You are! I’m just sending out the invite. Others are free to send out invites too. This is my personal Blog, not a community Blog. There is no centralized ownership. This meetup, and any future meetups, will go in whatever direction decided by the people who show up.

Date and Time

Monday February 6th 2012, at 7:00 pm.

Location

We’ll meet at the Dail Bar on Middle Street in Galway City. Here are directions courtesy of Google Maps, for those not familiar with it:

What We Did at The ALE2011 Retrospective

Olaf and I were chatting on the first morning of the first ever ALE conference when he suggested I facilitate the retrospective at the end of the conference. Facilitating a session with 200+ very smart and very vocal people, many of whom are expert retrospective facilitators, and all of whom would have high expectations, was a pretty scary thought. But also a great opportunity to have some fun and do something that would be an experience I would not forget.

Preparation

In Open Space sessions, hallway discussions, the bar and other forums, I tried to talk with as many people as possible about how they felt about the ALE Network and what comes next. At least three of the Open Space sessions focused on improving the ALE Network. Ivana Gancheva hosted a session on improving the network, and making the conference better. Vasco Duarte and Eelco Rustenburg both had sessions related to getting managers more involved in the community, and in agile and lean generally. I had some discussions with all of them, and with Jurgen Appelo and Olaf Lewitz about their goals. We all agreed that the retrospective should focus on the ALE Network, not just the conference. We also wanted to come out of it with some concrete milestones and actions.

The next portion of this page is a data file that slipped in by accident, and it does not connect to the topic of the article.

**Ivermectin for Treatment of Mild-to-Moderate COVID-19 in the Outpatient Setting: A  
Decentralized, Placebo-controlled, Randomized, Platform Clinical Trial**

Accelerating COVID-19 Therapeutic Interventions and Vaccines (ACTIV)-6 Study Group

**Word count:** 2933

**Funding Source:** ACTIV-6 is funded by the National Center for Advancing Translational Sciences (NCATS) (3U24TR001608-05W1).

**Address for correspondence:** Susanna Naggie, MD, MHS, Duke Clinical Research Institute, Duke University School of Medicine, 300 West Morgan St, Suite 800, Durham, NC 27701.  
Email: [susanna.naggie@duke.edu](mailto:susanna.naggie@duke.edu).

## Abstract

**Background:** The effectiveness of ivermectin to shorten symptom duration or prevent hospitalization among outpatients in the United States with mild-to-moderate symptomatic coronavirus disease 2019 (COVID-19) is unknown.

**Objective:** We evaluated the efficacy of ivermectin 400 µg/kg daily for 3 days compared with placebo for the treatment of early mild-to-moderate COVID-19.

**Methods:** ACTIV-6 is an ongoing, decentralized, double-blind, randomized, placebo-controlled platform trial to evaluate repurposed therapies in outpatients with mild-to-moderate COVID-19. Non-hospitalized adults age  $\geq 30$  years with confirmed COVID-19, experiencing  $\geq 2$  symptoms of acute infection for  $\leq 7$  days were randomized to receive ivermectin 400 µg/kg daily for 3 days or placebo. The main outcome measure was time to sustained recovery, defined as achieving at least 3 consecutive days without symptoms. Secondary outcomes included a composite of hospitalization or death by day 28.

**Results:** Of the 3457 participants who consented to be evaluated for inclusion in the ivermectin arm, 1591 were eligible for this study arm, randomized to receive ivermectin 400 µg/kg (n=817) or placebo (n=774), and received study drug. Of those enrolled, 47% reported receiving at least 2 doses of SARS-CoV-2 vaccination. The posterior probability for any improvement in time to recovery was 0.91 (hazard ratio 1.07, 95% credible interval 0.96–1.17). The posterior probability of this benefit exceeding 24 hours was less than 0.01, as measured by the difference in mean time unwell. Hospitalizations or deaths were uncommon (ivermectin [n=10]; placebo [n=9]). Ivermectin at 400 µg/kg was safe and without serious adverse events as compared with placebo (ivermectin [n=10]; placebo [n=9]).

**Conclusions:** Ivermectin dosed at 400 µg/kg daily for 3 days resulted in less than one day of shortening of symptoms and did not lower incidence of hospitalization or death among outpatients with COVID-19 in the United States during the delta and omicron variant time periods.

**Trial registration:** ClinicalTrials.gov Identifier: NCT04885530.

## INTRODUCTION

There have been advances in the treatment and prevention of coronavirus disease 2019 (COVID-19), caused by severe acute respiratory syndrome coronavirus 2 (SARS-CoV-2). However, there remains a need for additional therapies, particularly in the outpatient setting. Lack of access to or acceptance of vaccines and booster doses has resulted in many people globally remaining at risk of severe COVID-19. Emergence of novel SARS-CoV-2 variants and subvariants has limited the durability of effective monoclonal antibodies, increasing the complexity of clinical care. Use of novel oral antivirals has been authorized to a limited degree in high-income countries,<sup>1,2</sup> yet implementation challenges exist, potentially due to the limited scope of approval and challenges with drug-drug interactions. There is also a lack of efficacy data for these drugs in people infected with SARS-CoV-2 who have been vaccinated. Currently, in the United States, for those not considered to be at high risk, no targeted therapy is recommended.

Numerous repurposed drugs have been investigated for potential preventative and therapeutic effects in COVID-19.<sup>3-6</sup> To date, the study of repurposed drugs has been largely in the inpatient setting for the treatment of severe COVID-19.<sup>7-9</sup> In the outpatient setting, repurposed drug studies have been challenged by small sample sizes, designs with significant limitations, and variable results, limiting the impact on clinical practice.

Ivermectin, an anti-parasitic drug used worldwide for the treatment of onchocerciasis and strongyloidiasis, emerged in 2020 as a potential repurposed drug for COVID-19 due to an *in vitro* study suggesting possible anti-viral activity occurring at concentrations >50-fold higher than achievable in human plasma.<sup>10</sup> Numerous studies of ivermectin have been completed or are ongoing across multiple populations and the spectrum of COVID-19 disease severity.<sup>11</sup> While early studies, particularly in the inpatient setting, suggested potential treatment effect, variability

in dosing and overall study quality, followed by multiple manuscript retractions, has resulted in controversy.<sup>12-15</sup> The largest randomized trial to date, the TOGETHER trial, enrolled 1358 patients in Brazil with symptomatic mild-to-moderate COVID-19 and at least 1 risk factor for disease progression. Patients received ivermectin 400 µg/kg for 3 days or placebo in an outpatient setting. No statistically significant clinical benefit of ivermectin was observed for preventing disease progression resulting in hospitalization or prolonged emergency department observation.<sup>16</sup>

Exercises

Opening Activities

Rain Dance

I wanted to open with something that would be memorable, a little unusual and also fun. The Rain Dance is a game I learned many years ago at a Pattern Writing workshop, and have used it in a few workshops since. I had never used it in such a large group, but, if it worked out, I thought it could be a lot of fun. This game is used in many different settings. It is a traditional Native American game used to teach children (fortunately I was with a bunch of people who enjoy games!) about rhythms, art and culture. It has been applied to many different settings including workshops for improvisation, music, software patterns and other group settings.

The idea is to simulate the sound of a thunderstorm, creating the sounds of rain that build up to a thunderstorm, and then calms down again as the storm passes. The effect can be quite powerful.

To start, everyone stands in a large circle. With 200+ people the circle took up the entire circumference of the large conference room. One by one, everyone performs the following actions:

  1. Rub your hands together.
  2. Tap two fingers of your right hand against the palm of your left hand.
  3. Snap your fingers on both hands.
  4. Clap your thighs.
  5. Stamp your feet.

These actions are performed in a circle, starting with the facilitator (me!), and moving to the left, going around the circle one by one. The next action is introduced when everyone in the circle is performing the first. Participants keep the previous action going until the new one reaches them around the circle. You then repeat the 5 steps in reverse order. This gives the effect of the storm building gradually, reaching a thunderous climax, and then declining gradually.